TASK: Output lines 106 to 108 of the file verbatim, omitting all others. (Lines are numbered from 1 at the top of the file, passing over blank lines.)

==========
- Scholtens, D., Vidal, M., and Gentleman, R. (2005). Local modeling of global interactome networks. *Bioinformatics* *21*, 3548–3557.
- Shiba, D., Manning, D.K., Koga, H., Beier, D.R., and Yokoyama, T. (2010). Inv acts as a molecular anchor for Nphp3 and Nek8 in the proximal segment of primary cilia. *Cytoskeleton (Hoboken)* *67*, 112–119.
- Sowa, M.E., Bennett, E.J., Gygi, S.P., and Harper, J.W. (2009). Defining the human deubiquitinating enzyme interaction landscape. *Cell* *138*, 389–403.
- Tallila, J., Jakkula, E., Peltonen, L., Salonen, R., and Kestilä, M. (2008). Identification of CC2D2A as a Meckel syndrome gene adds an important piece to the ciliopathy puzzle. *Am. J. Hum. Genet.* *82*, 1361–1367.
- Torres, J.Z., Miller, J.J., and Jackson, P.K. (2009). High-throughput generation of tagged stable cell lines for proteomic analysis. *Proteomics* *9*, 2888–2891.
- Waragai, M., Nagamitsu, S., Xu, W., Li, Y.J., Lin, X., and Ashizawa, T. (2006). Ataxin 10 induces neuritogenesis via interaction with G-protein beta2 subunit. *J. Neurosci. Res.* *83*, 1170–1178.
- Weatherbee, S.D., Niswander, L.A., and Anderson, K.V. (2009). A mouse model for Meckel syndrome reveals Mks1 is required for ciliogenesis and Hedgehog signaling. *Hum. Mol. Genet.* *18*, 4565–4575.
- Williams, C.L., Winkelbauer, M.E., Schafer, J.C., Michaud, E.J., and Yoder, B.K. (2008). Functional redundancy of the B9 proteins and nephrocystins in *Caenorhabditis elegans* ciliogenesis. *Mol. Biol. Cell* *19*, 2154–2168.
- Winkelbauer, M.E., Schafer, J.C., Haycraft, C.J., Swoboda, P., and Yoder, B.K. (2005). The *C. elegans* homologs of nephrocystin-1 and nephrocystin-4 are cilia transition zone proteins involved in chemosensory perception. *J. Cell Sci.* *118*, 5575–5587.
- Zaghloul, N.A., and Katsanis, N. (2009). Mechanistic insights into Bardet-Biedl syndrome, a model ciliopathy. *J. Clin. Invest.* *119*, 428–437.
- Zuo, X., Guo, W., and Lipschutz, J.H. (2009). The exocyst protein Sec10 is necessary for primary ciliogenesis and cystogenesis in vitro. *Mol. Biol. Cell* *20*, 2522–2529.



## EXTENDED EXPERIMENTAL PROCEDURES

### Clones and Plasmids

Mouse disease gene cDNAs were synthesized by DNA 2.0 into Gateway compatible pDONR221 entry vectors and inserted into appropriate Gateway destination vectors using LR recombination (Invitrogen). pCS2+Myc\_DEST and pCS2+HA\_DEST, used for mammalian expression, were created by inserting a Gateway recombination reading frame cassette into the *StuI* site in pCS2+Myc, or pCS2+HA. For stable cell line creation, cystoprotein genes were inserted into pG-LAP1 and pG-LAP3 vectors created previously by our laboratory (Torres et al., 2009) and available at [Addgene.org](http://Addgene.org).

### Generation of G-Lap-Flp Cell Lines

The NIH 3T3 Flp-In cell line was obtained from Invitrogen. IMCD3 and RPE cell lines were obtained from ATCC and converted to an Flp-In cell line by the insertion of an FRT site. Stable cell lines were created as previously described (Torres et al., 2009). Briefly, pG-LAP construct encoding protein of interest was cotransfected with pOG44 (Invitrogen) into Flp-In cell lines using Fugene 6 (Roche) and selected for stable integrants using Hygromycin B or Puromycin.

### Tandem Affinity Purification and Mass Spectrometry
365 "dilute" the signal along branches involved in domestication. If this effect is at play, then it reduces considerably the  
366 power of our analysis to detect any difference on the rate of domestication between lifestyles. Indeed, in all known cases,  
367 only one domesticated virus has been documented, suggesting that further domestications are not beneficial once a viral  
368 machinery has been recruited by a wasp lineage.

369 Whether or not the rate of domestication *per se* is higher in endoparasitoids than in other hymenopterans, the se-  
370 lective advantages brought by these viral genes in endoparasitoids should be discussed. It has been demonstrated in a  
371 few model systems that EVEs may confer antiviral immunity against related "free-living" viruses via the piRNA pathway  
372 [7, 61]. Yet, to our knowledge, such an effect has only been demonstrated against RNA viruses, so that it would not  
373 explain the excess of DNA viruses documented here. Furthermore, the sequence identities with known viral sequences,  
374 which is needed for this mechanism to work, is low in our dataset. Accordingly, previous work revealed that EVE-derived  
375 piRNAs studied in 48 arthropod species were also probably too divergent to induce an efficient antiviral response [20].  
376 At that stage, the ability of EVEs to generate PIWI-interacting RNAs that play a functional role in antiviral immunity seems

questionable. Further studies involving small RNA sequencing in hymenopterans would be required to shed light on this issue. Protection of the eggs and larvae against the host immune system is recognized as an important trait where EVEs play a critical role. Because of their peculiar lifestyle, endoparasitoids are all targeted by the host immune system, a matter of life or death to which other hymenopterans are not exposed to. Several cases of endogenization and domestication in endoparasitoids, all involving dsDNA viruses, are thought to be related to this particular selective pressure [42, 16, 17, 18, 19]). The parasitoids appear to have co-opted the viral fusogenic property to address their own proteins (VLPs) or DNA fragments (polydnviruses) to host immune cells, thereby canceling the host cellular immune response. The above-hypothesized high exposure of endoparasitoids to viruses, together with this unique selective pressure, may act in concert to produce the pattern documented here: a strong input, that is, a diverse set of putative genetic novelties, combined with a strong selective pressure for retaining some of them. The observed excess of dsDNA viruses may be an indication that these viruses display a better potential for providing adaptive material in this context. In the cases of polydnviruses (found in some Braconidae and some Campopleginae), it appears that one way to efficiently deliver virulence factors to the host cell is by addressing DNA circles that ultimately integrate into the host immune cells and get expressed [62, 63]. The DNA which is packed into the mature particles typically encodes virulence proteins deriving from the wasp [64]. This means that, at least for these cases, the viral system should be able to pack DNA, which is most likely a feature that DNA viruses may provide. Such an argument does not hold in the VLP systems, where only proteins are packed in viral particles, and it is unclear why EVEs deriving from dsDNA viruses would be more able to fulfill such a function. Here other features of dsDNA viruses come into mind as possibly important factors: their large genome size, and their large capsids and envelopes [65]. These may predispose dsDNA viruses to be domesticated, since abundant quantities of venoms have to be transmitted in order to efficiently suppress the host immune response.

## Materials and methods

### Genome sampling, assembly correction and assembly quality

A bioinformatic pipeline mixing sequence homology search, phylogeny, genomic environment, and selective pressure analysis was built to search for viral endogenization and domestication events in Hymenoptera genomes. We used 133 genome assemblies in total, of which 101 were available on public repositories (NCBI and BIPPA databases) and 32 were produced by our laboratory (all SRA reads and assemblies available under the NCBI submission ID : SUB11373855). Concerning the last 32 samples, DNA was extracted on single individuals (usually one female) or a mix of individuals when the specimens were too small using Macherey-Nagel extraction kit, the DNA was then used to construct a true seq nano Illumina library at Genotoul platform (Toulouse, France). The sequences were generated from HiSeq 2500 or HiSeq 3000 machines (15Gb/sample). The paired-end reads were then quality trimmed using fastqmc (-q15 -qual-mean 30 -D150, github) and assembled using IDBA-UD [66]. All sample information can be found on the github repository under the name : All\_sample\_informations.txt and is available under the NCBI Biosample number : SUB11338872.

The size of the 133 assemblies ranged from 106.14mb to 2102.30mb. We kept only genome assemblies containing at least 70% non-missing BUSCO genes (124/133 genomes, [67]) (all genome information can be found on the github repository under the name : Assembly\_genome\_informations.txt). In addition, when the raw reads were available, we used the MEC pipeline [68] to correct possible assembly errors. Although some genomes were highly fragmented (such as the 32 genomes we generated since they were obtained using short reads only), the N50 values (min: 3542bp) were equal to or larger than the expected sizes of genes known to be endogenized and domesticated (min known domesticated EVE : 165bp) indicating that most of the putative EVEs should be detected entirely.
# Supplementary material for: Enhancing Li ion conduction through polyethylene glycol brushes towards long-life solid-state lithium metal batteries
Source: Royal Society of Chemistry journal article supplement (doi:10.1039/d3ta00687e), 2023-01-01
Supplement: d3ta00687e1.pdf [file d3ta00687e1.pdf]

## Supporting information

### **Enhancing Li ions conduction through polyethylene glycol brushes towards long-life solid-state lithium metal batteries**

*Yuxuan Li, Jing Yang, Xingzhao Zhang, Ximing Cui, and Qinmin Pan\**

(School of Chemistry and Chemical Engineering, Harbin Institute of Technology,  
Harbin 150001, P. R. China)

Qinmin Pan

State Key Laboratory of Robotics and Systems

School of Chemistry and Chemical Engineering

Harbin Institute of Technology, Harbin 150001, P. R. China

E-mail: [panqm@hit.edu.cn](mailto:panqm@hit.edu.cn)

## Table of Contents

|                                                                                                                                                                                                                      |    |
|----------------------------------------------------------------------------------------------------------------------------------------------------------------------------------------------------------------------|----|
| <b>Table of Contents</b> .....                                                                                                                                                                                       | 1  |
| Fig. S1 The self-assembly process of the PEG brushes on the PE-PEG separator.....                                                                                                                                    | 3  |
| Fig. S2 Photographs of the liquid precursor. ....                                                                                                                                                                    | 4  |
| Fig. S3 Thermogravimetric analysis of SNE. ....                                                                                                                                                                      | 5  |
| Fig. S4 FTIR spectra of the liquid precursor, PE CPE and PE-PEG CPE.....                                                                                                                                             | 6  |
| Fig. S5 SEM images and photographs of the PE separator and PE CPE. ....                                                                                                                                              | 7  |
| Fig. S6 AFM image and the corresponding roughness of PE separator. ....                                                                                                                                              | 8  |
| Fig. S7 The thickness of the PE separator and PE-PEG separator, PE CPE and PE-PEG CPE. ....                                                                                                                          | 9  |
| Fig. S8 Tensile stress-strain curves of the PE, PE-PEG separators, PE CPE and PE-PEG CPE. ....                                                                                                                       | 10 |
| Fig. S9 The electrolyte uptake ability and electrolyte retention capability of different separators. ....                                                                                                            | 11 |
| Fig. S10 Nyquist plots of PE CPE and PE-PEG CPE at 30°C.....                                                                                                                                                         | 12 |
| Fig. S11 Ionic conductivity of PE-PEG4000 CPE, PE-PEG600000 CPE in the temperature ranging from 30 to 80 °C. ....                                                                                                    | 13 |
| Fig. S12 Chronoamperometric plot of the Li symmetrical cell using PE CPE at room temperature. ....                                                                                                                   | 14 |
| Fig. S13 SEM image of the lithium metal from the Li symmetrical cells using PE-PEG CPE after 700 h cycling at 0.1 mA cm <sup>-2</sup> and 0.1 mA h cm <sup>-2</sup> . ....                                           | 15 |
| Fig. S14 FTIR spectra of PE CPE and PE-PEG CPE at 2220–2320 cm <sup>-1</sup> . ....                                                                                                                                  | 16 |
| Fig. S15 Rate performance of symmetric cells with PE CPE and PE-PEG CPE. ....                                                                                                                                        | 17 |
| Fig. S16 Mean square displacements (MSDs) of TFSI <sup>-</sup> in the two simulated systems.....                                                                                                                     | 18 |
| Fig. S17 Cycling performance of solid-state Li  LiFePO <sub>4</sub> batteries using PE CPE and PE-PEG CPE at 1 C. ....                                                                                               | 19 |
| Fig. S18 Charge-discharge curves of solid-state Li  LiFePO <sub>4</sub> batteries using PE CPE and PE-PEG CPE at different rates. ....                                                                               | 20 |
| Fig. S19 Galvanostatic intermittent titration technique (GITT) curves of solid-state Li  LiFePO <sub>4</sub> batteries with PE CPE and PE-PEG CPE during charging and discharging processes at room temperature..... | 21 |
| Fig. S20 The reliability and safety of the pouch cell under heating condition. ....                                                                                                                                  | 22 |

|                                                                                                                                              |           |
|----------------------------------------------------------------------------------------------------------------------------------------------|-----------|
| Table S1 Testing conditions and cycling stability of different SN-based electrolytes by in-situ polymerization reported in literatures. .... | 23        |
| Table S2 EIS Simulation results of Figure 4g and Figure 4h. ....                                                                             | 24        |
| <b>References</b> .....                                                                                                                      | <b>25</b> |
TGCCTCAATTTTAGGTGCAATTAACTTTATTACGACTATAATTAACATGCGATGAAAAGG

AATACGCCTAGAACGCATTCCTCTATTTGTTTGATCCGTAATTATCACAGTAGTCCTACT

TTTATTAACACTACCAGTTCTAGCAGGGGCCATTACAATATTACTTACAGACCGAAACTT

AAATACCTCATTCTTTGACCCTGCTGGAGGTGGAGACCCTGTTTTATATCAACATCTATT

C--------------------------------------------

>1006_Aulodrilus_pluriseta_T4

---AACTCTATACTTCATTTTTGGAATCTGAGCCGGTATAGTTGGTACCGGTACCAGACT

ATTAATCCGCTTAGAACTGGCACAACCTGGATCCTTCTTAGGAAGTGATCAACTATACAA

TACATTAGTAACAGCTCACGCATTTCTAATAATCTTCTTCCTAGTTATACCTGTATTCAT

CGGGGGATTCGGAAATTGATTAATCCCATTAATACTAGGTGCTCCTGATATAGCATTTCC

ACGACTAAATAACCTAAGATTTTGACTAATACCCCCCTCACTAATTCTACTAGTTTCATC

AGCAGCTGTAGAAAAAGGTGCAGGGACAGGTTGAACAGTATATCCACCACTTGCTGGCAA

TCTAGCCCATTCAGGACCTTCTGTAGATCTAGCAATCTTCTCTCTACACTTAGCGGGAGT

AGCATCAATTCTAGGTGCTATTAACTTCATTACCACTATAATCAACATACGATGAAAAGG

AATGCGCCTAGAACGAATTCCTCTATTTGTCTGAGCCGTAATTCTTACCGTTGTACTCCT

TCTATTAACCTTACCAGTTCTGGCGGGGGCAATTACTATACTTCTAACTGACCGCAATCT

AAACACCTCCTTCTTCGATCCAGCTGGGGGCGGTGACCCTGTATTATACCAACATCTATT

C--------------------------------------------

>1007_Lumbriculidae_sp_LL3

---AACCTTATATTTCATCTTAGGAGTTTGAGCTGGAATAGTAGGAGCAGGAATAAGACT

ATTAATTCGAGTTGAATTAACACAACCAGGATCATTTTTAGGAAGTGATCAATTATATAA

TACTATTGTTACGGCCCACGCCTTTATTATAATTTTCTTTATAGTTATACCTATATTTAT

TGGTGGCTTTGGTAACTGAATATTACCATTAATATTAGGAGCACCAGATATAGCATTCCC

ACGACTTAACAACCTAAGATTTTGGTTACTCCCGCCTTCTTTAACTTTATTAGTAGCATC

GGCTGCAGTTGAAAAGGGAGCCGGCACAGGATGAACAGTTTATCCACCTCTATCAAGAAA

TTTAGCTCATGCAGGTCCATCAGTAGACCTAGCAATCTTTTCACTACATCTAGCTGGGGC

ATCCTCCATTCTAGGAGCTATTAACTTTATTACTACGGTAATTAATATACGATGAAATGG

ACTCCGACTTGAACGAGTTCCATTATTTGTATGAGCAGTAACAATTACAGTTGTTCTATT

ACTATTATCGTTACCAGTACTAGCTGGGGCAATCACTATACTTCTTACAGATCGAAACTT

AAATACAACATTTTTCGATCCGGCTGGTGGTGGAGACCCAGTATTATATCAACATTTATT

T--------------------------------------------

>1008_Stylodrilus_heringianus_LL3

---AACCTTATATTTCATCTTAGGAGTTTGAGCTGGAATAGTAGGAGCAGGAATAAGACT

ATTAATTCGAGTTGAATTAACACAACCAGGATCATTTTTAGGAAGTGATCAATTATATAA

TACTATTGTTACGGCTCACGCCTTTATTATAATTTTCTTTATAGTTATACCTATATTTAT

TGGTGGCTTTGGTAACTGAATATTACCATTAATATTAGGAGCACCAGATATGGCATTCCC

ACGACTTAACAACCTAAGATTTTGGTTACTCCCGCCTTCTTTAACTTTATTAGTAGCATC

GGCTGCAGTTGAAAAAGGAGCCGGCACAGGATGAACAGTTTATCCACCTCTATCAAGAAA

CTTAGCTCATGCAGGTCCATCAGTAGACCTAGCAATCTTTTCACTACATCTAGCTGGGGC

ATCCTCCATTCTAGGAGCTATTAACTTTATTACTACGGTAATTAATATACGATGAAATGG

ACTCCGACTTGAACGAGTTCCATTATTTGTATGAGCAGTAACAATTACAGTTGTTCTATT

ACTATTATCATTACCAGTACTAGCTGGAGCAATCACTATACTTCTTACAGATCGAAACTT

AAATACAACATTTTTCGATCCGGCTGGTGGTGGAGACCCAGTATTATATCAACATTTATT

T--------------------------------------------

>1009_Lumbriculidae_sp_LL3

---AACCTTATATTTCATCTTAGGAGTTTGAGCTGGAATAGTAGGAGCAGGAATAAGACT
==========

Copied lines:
AAATACAACATTTTTCGATCCGGCTGGTGGTGGAGACCCAGTATTATATCAACATTTATT

T--------------------------------------------

>1008_Stylodrilus_heringianus_LL3